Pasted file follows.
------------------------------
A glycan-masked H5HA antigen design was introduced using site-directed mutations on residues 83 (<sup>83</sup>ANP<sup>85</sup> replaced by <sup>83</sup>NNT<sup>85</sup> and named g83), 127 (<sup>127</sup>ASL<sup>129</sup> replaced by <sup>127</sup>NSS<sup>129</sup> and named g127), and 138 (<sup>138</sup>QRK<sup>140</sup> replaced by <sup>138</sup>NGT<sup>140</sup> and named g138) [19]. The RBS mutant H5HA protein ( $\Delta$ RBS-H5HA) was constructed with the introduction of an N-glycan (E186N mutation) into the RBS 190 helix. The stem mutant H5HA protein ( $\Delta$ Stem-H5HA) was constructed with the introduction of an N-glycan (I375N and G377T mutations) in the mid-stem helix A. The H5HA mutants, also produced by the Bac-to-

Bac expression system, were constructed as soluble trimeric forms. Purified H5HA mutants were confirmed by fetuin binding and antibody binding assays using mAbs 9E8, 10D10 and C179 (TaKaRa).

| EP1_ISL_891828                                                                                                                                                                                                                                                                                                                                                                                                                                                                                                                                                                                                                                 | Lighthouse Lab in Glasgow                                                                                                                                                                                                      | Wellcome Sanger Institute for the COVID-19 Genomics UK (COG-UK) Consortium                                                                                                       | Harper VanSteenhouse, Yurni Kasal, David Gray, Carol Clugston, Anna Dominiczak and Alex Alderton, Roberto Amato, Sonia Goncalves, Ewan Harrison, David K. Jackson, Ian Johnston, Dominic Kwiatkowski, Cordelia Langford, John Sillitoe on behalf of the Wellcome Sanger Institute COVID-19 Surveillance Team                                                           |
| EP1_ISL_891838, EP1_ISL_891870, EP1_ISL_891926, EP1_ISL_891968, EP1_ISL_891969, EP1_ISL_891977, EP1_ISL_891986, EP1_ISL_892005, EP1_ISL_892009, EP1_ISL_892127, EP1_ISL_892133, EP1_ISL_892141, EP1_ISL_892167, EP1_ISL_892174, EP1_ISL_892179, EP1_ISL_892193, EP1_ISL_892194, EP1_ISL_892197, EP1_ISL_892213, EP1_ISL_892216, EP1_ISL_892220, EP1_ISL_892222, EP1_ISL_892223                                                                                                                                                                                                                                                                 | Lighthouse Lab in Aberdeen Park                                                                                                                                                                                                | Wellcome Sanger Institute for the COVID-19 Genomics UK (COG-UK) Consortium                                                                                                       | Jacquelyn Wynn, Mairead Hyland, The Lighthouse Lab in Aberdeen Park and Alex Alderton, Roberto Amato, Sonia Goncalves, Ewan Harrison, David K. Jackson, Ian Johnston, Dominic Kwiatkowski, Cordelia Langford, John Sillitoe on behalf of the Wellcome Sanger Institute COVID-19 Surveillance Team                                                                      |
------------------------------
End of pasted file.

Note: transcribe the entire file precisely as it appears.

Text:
A glycan-masked H5HA antigen design was introduced using site-directed mutations on residues 83 (<sup>83</sup>ANP<sup>85</sup> replaced by <sup>83</sup>NNT<sup>85</sup> and named g83), 127 (<sup>127</sup>ASL<sup>129</sup> replaced by <sup>127</sup>NSS<sup>129</sup> and named g127), and 138 (<sup>138</sup>QRK<sup>140</sup> replaced by <sup>138</sup>NGT<sup>140</sup> and named g138) [19]. The RBS mutant H5HA protein ( $\Delta$ RBS-H5HA) was constructed with the introduction of an N-glycan (E186N mutation) into the RBS 190 helix. The stem mutant H5HA protein ( $\Delta$ Stem-H5HA) was constructed with the introduction of an N-glycan (I375N and G377T mutations) in the mid-stem helix A. The H5HA mutants, also produced by the Bac-to-

Bac expression system, were constructed as soluble trimeric forms. Purified H5HA mutants were confirmed by fetuin binding and antibody binding assays using mAbs 9E8, 10D10 and C179 (TaKaRa).

| EP1_ISL_891828                                                                                                                                                                                                                                                                                                                                                                                                                                                                                                                                                                                                                                 | Lighthouse Lab in Glasgow                                                                                                                                                                                                      | Wellcome Sanger Institute for the COVID-19 Genomics UK (COG-UK) Consortium                                                                                                       | Harper VanSteenhouse, Yurni Kasal, David Gray, Carol Clugston, Anna Dominiczak and Alex Alderton, Roberto Amato, Sonia Goncalves, Ewan Harrison, David K. Jackson, Ian Johnston, Dominic Kwiatkowski, Cordelia Langford, John Sillitoe on behalf of the Wellcome Sanger Institute COVID-19 Surveillance Team                                                           |
| EP1_ISL_891838, EP1_ISL_891870, EP1_ISL_891926, EP1_ISL_891968, EP1_ISL_891969, EP1_ISL_891977, EP1_ISL_891986, EP1_ISL_892005, EP1_ISL_892009, EP1_ISL_892127, EP1_ISL_892133, EP1_ISL_892141, EP1_ISL_892167, EP1_ISL_892174, EP1_ISL_892179, EP1_ISL_892193, EP1_ISL_892194, EP1_ISL_892197, EP1_ISL_892213, EP1_ISL_892216, EP1_ISL_892220, EP1_ISL_892222, EP1_ISL_892223                                                                                                                                                                                                                                                                 | Lighthouse Lab in Aberdeen Park                                                                                                                                                                                                | Wellcome Sanger Institute for the COVID-19 Genomics UK (COG-UK) Consortium                                                                                                       | Jacquelyn Wynn, Mairead Hyland, The Lighthouse Lab in Aberdeen Park and Alex Alderton, Roberto Amato, Sonia Goncalves, Ewan Harrison, David K. Jackson, Ian Johnston, Dominic Kwiatkowski, Cordelia Langford, John Sillitoe on behalf of the Wellcome Sanger Institute COVID-19 Surveillance Team                                                                      |